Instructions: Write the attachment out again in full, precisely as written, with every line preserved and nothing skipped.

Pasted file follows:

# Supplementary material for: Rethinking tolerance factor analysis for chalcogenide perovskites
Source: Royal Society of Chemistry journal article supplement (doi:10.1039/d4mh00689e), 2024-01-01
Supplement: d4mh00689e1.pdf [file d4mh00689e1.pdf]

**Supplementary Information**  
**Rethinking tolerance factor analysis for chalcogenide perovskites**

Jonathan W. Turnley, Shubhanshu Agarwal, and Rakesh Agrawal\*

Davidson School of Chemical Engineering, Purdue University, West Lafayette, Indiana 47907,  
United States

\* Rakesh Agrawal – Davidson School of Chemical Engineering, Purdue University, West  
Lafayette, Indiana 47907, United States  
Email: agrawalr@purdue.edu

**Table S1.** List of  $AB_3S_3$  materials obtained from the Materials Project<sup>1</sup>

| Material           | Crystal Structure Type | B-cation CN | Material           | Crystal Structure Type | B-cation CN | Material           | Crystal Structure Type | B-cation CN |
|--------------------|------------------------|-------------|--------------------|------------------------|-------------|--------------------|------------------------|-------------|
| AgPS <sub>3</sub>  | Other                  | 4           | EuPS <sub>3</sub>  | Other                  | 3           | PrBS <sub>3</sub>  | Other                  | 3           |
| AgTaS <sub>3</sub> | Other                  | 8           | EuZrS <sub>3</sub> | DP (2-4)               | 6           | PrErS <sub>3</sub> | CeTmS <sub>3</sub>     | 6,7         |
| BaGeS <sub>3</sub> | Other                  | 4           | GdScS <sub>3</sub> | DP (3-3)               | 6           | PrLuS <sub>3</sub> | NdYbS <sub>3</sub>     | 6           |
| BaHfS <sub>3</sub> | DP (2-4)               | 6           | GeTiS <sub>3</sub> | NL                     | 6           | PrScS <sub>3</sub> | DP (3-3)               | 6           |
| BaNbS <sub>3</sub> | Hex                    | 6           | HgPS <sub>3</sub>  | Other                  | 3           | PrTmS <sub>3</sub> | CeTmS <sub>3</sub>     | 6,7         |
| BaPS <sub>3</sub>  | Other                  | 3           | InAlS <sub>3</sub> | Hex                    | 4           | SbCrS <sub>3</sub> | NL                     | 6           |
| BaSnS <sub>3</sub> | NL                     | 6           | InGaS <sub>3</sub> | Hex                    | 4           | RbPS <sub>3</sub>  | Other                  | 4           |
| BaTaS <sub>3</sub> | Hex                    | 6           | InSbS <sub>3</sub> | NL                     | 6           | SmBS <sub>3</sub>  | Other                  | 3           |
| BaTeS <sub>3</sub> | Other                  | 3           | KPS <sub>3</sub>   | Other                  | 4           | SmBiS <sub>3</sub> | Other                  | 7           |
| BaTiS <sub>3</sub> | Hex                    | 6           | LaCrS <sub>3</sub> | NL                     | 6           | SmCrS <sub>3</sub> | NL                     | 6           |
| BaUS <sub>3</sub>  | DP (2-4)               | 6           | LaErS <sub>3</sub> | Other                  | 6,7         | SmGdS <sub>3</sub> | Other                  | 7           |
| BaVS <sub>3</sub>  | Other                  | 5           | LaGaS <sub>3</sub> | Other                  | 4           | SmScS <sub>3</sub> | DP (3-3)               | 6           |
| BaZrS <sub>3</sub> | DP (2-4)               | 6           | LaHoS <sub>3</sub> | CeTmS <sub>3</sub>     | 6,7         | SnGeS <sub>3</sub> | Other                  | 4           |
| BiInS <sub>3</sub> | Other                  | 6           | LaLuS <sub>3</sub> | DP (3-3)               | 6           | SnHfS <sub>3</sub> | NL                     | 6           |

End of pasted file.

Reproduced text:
# Supplementary material for: Rethinking tolerance factor analysis for chalcogenide perovskites
Source: Royal Society of Chemistry journal article supplement (doi:10.1039/d4mh00689e), 2024-01-01
Supplement: d4mh00689e1.pdf [file d4mh00689e1.pdf]

**Supplementary Information**  
**Rethinking tolerance factor analysis for chalcogenide perovskites**

Jonathan W. Turnley, Shubhanshu Agarwal, and Rakesh Agrawal\*

Davidson School of Chemical Engineering, Purdue University, West Lafayette, Indiana 47907,  
United States

\* Rakesh Agrawal – Davidson School of Chemical Engineering, Purdue University, West  
Lafayette, Indiana 47907, United States  
Email: agrawalr@purdue.edu

**Table S1.** List of  $AB_3S_3$  materials obtained from the Materials Project<sup>1</sup>

| Material           | Crystal Structure Type | B-cation CN | Material           | Crystal Structure Type | B-cation CN | Material           | Crystal Structure Type | B-cation CN |
|--------------------|------------------------|-------------|--------------------|------------------------|-------------|--------------------|------------------------|-------------|
| AgPS <sub>3</sub>  | Other                  | 4           | EuPS <sub>3</sub>  | Other                  | 3           | PrBS <sub>3</sub>  | Other                  | 3           |
| AgTaS <sub>3</sub> | Other                  | 8           | EuZrS <sub>3</sub> | DP (2-4)               | 6           | PrErS <sub>3</sub> | CeTmS <sub>3</sub>     | 6,7         |
| BaGeS <sub>3</sub> | Other                  | 4           | GdScS <sub>3</sub> | DP (3-3)               | 6           | PrLuS <sub>3</sub> | NdYbS <sub>3</sub>     | 6           |
| BaHfS <sub>3</sub> | DP (2-4)               | 6           | GeTiS <sub>3</sub> | NL                     | 6           | PrScS <sub>3</sub> | DP (3-3)               | 6           |
| BaNbS <sub>3</sub> | Hex                    | 6           | HgPS <sub>3</sub>  | Other                  | 3           | PrTmS <sub>3</sub> | CeTmS <sub>3</sub>     | 6,7         |
| BaPS <sub>3</sub>  | Other                  | 3           | InAlS <sub>3</sub> | Hex                    | 4           | SbCrS <sub>3</sub> | NL                     | 6           |
| BaSnS <sub>3</sub> | NL                     | 6           | InGaS <sub>3</sub> | Hex                    | 4           | RbPS <sub>3</sub>  | Other                  | 4           |
| BaTaS <sub>3</sub> | Hex                    | 6           | InSbS <sub>3</sub> | NL                     | 6           | SmBS <sub>3</sub>  | Other                  | 3           |
| BaTeS <sub>3</sub> | Other                  | 3           | KPS <sub>3</sub>   | Other                  | 4           | SmBiS <sub>3</sub> | Other                  | 7           |
| BaTiS <sub>3</sub> | Hex                    | 6           | LaCrS <sub>3</sub> | NL                     | 6           | SmCrS <sub>3</sub> | NL                     | 6           |
| BaUS <sub>3</sub>  | DP (2-4)               | 6           | LaErS <sub>3</sub> | Other                  | 6,7         | SmGdS <sub>3</sub> | Other                  | 7           |
| BaVS <sub>3</sub>  | Other                  | 5           | LaGaS <sub>3</sub> | Other                  | 4           | SmScS <sub>3</sub> | DP (3-3)               | 6           |
| BaZrS <sub>3</sub> | DP (2-4)               | 6           | LaHoS <sub>3</sub> | CeTmS <sub>3</sub>     | 6,7         | SnGeS <sub>3</sub> | Other                  | 4           |
| BiInS <sub>3</sub> | Other                  | 6           | LaLuS <sub>3</sub> | DP (3-3)               | 6           | SnHfS <sub>3</sub> | NL                     | 6           |